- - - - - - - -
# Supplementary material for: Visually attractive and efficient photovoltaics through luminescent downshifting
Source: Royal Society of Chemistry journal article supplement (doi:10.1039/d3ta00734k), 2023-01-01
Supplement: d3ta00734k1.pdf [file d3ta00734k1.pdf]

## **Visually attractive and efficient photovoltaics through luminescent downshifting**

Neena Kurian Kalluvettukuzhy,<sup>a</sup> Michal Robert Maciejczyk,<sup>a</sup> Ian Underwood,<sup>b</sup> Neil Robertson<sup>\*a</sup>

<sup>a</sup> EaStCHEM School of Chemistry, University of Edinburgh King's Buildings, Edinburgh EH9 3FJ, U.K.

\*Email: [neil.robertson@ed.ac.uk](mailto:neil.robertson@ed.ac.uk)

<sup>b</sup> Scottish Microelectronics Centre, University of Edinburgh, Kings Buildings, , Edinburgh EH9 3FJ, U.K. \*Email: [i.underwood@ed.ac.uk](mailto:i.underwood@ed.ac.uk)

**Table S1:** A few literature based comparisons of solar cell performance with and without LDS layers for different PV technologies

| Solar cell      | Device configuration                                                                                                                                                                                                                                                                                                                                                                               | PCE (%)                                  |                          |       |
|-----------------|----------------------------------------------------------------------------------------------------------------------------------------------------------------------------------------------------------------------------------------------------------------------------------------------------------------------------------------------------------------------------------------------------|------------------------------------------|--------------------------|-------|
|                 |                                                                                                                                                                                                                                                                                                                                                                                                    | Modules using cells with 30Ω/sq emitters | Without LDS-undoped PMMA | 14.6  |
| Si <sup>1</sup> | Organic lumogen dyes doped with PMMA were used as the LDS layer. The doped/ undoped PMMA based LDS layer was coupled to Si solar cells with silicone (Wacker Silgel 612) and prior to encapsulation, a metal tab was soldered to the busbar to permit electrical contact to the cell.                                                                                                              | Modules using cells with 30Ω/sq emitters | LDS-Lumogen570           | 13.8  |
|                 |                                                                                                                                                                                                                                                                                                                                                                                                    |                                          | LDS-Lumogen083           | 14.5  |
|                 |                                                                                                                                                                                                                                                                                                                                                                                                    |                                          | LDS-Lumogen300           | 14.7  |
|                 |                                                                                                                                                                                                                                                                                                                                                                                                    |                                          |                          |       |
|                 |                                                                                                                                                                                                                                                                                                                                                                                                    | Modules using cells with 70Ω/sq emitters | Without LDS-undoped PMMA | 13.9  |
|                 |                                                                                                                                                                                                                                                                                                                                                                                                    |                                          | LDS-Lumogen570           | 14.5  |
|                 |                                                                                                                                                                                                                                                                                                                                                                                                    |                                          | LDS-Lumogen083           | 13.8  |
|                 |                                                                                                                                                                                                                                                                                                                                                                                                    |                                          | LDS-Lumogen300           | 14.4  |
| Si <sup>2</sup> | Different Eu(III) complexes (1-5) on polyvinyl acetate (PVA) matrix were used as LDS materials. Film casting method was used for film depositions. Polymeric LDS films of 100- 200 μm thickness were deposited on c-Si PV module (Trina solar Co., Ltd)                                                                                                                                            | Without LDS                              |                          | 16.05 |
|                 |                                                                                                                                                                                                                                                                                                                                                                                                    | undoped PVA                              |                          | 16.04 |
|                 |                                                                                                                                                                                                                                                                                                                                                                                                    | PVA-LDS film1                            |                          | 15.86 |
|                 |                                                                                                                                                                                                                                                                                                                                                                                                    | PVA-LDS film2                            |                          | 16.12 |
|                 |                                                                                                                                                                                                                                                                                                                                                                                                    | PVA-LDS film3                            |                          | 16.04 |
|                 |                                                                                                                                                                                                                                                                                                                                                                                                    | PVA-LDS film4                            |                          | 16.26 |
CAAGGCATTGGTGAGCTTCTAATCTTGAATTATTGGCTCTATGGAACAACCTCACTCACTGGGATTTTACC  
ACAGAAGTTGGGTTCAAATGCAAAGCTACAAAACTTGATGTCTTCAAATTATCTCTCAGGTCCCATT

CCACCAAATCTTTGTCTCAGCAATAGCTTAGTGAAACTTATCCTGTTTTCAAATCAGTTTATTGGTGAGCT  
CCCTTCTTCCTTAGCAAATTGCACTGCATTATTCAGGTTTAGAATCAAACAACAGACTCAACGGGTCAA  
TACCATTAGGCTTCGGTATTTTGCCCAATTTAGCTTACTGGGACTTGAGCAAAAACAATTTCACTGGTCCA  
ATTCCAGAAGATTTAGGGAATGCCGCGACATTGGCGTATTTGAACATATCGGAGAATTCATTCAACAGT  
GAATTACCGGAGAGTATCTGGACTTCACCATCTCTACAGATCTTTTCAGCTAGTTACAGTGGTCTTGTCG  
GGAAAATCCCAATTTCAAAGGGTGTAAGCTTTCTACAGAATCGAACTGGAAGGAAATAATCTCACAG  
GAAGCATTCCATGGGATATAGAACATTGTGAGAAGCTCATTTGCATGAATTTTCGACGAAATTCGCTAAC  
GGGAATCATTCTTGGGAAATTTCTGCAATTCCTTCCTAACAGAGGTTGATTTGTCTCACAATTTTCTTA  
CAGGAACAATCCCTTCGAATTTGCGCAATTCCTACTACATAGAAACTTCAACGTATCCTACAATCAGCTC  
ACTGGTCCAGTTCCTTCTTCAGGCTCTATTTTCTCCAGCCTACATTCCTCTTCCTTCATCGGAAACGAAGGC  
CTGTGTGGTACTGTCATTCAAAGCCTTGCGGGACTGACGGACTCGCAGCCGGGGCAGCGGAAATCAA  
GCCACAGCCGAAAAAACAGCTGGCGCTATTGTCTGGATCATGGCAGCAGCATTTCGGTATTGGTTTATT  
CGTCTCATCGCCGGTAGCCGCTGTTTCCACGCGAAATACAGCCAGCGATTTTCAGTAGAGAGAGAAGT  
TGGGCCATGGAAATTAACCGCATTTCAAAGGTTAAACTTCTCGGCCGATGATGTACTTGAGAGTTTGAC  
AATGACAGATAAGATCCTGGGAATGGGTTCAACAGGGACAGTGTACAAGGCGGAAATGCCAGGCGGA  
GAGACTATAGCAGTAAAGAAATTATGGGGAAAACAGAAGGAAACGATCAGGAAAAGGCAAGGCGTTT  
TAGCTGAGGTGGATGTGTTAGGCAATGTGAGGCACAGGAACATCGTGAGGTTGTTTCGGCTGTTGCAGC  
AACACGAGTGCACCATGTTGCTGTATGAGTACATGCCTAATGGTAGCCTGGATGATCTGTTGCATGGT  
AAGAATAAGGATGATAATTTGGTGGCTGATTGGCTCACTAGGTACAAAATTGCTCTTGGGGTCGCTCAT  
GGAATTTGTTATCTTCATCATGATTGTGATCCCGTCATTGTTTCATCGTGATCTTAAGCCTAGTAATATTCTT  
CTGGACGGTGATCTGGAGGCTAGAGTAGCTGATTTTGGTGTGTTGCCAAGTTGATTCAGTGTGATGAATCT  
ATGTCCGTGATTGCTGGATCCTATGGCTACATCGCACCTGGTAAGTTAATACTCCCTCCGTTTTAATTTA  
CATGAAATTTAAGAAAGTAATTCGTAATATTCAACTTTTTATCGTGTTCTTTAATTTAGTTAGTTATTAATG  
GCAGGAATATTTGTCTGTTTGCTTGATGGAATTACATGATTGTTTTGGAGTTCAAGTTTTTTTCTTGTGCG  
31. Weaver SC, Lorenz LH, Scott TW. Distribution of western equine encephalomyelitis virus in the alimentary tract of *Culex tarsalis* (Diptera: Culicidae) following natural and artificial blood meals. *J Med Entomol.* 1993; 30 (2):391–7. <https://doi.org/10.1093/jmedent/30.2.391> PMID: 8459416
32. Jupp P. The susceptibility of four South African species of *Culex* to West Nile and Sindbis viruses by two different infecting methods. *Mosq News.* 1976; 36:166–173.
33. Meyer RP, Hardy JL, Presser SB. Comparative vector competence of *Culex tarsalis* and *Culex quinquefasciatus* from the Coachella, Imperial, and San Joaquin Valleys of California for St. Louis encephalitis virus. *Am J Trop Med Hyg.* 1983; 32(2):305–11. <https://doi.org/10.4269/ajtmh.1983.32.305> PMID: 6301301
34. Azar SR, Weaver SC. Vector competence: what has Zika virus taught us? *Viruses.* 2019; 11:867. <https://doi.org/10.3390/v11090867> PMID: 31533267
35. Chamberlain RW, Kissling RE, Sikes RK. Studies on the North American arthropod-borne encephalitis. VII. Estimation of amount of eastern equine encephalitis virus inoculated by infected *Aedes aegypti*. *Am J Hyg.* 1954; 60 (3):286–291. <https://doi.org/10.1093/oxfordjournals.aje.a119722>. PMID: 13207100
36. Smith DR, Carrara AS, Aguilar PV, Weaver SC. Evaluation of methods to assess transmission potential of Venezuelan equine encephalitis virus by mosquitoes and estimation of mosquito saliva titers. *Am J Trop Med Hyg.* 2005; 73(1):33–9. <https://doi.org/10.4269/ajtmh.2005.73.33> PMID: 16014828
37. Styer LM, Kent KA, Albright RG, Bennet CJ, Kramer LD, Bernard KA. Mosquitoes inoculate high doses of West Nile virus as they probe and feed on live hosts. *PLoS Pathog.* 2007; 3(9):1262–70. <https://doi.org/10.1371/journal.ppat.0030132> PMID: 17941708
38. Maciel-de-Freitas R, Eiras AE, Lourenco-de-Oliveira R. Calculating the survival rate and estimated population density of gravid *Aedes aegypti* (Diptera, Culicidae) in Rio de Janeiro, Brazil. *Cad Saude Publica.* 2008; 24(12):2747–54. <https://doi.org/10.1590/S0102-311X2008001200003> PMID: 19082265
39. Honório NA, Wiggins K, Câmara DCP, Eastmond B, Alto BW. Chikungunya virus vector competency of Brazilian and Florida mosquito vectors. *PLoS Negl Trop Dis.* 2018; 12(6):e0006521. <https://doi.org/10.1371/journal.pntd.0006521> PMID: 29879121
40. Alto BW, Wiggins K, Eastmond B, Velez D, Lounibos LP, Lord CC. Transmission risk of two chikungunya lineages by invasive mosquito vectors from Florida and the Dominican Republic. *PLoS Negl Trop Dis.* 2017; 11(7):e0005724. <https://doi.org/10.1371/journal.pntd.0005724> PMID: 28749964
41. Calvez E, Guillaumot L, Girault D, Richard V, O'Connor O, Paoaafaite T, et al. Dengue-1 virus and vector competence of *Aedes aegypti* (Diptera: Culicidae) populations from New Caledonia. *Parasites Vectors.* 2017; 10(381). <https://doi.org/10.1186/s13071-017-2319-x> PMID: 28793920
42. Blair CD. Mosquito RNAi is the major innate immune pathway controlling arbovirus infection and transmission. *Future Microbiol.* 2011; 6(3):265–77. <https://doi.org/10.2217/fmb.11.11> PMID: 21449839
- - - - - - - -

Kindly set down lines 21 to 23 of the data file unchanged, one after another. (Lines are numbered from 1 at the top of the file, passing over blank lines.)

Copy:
| Si <sup>2</sup> | Different Eu(III) complexes (1-5) on polyvinyl acetate (PVA) matrix were used as LDS materials. Film casting method was used for film depositions. Polymeric LDS films of 100- 200 μm thickness were deposited on c-Si PV module (Trina solar Co., Ltd)                                                                                                                                            | Without LDS                              |                          | 16.05 |
|                 |                                                                                                                                                                                                                                                                                                                                                                                                    | undoped PVA                              |                          | 16.04 |
|                 |                                                                                                                                                                                                                                                                                                                                                                                                    | PVA-LDS film1                            |                          | 15.86 |